Buyout firms have been forced to erase billions of dollars from the value of their wagers in the economic downturn, and financial regulators are now scrutinizing whether managers are reducing fees for investors when those deals sour.
The Securities and Exchange Commission has been ramping up inquiries to private equity firms about whether they adjust customer fees when bets get written off to zero or below their original price tags, people with knowledge of the matter said.
While these questions have come up sporadically in recent years, regulators are now asking private equity firms about the issue regularly in routine exams and seeking a level of detail that they didn’t before, the people said. The goal is to make sure that private equity firms, which take a cut of the money they manage, aren’t overcharging state pensions, university endowments and other investors.
SEC officials are ramping up those inquiries to root out what they consider a chronic practice of firms charging more than contractually allowed, and because regulators recognize that firms face pressures to juice fees in the market downturn.
Those inquiries are coming from both examiners at the SEC’s private funds unit as well as regional-office staff, one of the people said. The SEC has at times drilled down into whether firms have delayed write-offs to squeeze out more fees from investors, and asked for internal emails to help it make such determinations, the people said.
The SEC, under Chair Gary Gensler, is making a more aggressive push to police private equity firms. The industry has grown rapidly over the past decade to become a bigger part of both the finance industry and the U.S. economy, but has so far avoided the same level of regulatory oversight that banks and mutual funds are subject to.
A spokesperson for the SEC declined to comment. It couldn’t be determined which firms have received such inquiries. The SEC conducts exams to check practices and questions don’t necessarily suggest suspicion of wrongdoing. SEC examiners aren’t in the regulator’s enforcement division, but can refer their findings to that unit for a formal investigation.
Private equity firms tend to have complex fee arrangements, with most funds shifting from charging fees on money pledged by investors to taking a cut of invested funds after a few years. When that happens, fund managers typically can’t charge fees on investments written off to zero or deemed permanently impaired. Write-offs suggest that lost value can’t be recovered and would trigger fee reductions. In contrast, writedowns can be temporary. Only in rare cases do funds promise to reduce fees following writedowns.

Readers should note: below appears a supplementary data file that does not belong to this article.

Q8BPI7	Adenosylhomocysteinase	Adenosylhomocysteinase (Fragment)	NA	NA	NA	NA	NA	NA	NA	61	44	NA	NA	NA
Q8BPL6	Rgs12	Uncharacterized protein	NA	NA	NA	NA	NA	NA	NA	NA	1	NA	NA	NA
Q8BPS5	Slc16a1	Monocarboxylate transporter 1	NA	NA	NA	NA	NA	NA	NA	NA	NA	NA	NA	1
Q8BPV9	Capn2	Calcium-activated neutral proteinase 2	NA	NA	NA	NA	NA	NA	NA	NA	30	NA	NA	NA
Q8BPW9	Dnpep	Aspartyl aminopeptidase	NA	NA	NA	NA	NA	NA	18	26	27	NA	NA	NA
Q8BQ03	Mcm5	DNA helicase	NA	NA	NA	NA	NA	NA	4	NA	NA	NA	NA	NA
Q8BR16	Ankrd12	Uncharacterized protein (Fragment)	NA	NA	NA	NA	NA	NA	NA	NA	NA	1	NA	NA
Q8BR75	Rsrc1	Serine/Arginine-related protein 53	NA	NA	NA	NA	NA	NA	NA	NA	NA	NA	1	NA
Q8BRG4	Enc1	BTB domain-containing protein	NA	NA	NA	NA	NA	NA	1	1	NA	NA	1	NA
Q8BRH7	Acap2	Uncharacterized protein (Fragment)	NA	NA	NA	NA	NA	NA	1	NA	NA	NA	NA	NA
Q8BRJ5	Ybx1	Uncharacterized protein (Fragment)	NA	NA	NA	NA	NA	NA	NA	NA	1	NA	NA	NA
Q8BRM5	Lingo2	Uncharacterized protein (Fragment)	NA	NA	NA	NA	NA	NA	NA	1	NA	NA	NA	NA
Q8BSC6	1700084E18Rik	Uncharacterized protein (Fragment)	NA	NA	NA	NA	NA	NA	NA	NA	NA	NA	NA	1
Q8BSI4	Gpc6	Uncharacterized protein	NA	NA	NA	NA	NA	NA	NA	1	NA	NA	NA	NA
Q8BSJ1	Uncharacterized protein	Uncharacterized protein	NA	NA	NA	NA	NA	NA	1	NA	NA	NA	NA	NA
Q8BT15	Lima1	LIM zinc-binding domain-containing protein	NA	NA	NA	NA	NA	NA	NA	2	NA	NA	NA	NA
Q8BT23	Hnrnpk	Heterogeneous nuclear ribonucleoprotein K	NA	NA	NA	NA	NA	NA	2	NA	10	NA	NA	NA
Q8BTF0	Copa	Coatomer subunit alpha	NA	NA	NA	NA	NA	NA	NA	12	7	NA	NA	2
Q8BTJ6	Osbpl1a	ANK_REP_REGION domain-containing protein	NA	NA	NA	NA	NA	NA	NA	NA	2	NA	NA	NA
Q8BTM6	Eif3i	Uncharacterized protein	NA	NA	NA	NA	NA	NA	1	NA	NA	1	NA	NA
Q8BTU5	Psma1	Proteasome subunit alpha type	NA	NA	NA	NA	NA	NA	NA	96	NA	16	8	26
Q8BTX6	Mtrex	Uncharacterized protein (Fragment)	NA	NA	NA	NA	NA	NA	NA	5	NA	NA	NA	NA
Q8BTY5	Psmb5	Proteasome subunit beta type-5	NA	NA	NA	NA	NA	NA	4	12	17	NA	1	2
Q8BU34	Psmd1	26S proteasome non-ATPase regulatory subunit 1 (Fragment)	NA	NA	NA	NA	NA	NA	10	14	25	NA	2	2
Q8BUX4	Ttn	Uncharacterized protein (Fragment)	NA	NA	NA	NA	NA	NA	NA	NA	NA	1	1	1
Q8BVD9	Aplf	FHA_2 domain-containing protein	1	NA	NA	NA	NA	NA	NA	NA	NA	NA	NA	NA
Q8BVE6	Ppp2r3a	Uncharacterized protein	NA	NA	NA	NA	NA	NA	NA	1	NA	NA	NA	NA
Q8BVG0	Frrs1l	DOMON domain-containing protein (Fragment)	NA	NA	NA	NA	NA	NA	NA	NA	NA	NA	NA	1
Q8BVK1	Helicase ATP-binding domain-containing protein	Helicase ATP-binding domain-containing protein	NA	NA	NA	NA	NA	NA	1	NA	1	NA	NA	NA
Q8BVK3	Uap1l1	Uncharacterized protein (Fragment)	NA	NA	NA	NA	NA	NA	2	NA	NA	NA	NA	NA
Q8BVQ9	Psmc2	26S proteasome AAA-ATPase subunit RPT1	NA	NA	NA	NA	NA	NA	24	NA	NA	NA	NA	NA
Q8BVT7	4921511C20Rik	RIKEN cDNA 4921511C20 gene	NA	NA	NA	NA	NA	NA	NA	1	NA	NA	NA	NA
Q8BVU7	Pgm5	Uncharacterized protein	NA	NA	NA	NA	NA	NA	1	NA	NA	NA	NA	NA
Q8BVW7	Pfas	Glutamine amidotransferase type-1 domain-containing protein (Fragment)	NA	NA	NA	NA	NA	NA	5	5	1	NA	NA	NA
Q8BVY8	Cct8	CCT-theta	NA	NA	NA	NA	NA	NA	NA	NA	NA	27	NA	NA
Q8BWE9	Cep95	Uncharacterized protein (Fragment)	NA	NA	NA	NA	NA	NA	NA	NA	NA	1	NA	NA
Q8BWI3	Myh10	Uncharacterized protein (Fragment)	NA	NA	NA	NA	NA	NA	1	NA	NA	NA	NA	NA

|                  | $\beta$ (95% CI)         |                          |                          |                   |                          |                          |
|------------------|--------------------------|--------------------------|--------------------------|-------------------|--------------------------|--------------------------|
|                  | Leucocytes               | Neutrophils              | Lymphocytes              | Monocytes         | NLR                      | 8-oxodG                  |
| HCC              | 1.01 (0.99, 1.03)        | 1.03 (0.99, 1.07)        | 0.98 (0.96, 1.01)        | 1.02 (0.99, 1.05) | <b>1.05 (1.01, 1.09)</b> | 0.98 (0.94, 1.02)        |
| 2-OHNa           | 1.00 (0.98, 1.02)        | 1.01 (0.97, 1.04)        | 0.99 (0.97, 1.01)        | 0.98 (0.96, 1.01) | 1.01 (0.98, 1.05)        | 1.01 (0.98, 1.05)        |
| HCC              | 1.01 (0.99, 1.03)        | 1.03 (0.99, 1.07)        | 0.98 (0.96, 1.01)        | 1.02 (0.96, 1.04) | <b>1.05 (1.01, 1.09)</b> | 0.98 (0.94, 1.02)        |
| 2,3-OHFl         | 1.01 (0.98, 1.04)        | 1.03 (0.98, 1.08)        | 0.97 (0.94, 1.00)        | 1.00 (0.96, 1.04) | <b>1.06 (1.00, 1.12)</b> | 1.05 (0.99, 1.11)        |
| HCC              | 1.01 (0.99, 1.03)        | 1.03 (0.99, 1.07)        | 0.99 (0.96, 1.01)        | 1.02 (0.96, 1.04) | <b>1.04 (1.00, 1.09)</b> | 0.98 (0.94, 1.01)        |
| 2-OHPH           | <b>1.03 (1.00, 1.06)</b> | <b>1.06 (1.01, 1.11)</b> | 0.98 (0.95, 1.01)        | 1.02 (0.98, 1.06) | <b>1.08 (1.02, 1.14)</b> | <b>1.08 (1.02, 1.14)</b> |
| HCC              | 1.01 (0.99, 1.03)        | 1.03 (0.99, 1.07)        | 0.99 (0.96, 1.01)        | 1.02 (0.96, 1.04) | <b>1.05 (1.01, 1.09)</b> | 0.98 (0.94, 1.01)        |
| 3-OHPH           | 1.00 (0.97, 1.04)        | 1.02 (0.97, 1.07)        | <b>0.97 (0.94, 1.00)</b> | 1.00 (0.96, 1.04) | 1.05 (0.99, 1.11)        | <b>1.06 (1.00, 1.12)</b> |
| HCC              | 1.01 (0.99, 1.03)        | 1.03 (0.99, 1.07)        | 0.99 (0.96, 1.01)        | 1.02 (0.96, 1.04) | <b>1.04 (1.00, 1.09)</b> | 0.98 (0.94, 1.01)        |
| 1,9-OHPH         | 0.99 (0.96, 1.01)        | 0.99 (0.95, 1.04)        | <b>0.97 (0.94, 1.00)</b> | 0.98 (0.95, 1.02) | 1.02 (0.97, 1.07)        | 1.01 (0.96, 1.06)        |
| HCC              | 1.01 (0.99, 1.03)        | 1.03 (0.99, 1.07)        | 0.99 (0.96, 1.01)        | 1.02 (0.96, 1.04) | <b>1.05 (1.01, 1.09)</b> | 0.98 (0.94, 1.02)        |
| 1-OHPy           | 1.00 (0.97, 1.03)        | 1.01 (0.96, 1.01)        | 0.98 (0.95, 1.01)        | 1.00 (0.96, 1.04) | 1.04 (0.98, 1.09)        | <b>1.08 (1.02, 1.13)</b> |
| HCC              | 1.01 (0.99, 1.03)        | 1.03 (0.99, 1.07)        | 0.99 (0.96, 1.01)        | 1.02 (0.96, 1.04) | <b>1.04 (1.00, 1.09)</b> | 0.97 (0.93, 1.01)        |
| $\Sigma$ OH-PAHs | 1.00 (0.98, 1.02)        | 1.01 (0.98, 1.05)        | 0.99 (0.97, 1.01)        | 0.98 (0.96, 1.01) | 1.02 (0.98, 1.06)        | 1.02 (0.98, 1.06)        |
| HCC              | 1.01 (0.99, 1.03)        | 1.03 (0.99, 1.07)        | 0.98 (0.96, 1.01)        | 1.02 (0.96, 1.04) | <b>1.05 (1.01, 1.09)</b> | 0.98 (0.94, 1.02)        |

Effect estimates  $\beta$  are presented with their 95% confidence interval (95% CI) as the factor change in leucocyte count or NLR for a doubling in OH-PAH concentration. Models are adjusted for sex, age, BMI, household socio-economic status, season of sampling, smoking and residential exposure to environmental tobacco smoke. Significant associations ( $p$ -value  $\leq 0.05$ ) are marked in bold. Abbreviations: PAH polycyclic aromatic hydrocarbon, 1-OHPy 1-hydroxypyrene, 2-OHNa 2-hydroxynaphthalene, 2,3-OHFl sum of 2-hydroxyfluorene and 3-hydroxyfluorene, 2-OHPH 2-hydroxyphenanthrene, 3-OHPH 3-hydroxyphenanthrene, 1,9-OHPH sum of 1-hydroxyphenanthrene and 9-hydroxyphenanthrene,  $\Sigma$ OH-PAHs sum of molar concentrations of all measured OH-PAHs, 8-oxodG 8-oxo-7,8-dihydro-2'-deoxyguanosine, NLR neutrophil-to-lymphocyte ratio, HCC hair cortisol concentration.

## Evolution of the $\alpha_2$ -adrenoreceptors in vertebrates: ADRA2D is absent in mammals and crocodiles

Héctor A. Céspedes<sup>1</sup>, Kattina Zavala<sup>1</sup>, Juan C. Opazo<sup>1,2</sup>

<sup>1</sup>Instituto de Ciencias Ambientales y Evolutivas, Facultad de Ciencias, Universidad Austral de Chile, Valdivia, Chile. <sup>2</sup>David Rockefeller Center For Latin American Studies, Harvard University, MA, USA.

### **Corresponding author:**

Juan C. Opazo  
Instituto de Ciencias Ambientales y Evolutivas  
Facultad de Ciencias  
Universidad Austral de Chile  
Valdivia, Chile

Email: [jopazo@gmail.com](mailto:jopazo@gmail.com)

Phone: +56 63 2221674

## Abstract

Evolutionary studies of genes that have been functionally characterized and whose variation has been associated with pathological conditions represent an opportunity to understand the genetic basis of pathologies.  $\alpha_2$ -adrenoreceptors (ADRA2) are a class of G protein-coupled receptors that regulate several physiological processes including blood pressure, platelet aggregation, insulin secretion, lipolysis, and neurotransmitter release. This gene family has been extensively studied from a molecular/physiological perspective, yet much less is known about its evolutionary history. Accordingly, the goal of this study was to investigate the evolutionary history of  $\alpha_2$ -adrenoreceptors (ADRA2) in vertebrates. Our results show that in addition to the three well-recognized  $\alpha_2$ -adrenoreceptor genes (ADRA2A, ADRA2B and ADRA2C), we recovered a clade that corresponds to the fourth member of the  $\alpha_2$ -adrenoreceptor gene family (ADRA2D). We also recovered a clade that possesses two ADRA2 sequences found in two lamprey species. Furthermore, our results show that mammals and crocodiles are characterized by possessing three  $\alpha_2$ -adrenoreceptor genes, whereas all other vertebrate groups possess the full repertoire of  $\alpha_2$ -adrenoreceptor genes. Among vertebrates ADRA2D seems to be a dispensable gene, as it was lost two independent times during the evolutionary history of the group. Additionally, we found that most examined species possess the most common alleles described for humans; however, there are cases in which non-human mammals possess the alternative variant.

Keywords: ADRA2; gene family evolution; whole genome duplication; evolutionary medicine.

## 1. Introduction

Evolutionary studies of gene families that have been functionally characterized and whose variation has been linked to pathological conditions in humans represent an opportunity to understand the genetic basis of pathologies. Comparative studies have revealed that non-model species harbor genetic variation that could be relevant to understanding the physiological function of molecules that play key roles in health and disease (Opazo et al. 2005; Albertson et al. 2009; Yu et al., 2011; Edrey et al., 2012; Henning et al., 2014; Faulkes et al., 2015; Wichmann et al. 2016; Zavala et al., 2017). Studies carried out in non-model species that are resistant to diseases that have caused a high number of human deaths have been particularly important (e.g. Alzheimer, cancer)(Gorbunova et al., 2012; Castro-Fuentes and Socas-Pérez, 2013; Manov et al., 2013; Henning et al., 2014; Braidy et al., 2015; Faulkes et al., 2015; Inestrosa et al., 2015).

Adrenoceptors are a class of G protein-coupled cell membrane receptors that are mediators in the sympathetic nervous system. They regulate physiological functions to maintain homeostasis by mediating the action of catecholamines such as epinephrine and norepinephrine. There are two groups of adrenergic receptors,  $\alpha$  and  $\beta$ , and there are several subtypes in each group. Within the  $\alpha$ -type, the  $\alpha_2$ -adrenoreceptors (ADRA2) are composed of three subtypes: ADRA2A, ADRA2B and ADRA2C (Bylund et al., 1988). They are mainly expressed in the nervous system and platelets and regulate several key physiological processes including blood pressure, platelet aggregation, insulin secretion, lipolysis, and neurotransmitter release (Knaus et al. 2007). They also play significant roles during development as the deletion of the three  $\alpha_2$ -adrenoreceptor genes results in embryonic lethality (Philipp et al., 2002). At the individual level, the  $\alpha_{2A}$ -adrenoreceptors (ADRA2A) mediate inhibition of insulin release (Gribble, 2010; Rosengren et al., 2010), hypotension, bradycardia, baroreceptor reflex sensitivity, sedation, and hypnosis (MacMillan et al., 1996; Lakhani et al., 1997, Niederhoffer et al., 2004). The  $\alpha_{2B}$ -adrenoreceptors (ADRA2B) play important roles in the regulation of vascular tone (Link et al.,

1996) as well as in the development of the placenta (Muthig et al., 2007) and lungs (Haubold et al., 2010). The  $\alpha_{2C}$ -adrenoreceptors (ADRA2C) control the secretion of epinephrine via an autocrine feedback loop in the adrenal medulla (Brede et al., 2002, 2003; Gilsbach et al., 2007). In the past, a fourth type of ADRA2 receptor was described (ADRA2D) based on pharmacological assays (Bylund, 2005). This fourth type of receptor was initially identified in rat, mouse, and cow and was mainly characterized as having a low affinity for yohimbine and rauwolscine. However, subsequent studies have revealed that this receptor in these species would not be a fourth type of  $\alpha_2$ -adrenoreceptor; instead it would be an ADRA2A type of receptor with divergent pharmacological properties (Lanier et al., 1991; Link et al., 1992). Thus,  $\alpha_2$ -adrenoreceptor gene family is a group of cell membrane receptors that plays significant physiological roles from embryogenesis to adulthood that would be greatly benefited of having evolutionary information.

“The SEC staff is very focused on the calculation of management fees and we are seeing increased scrutiny of those calculations in recent exams,” said Nabil Sabki, a partner in Kirkland & Ellis LLP’s investment-fund regulatory group. When it comes to writedowns, write-offs or permanent impairments of investments, “they are pressure-testing exactly when such events take place, and whether the manager has adjusted the management-fee base appropriately.”
Market declines and post-pandemic shifts in how people live and work are hurting valuations of once-high-flying technology darlings, forcing private equity firms to re-examine their valuations for startups and unlisted companies. Stock-market volatility and rising borrowing costs are slowing the once-frenetic pace of dealmaking, making it harder for buyout firms to sell companies at big profits.
Among the firms that have cut valuations is WestCap Management, which wrote down the combined value of its main investment funds by almost a fifth in the second quarter. Blackstone Inc., the world’s largest alternative-asset manager, took writedowns on some holdings that contributed to a net loss of $29.4 million in the same quarter.
The Federal Reserve’s efforts to tamp down inflation by raising interest rates are likely to cause more market turmoil — and more valuation cuts — across the industry.
There are strong incentives, however, to delay writedowns. Red marks hurt returns and dent investor trust, making it harder for firms to raise money — something already becoming more difficult as pensions and endowments grow cautious with markets in flux.
“If private equity fundraising continues to struggle, managers will feel pressure to not write off investments because doing so would impair management fees,” said Igor Rozenblit, a former SEC official and managing partner at Iron Road Partners, which advises private equity firms on regulatory risks. That dynamic is already on the radar of investors and regulators, and driving some of the uptick in examinations focused on write-offs and management fees, he added.
This month, the SEC rebuked Energy Innovation Capital for failing to account for writedowns and overcharging investors. The firm didn’t reduce management fees when some investments were written down, even though investor documents required it to, according to an SEC order.
The venture firm settled with the SEC and agreed to pay penalties without admitting or denying any wrongdoing. It didn’t respond to messages and phone calls seeking comment.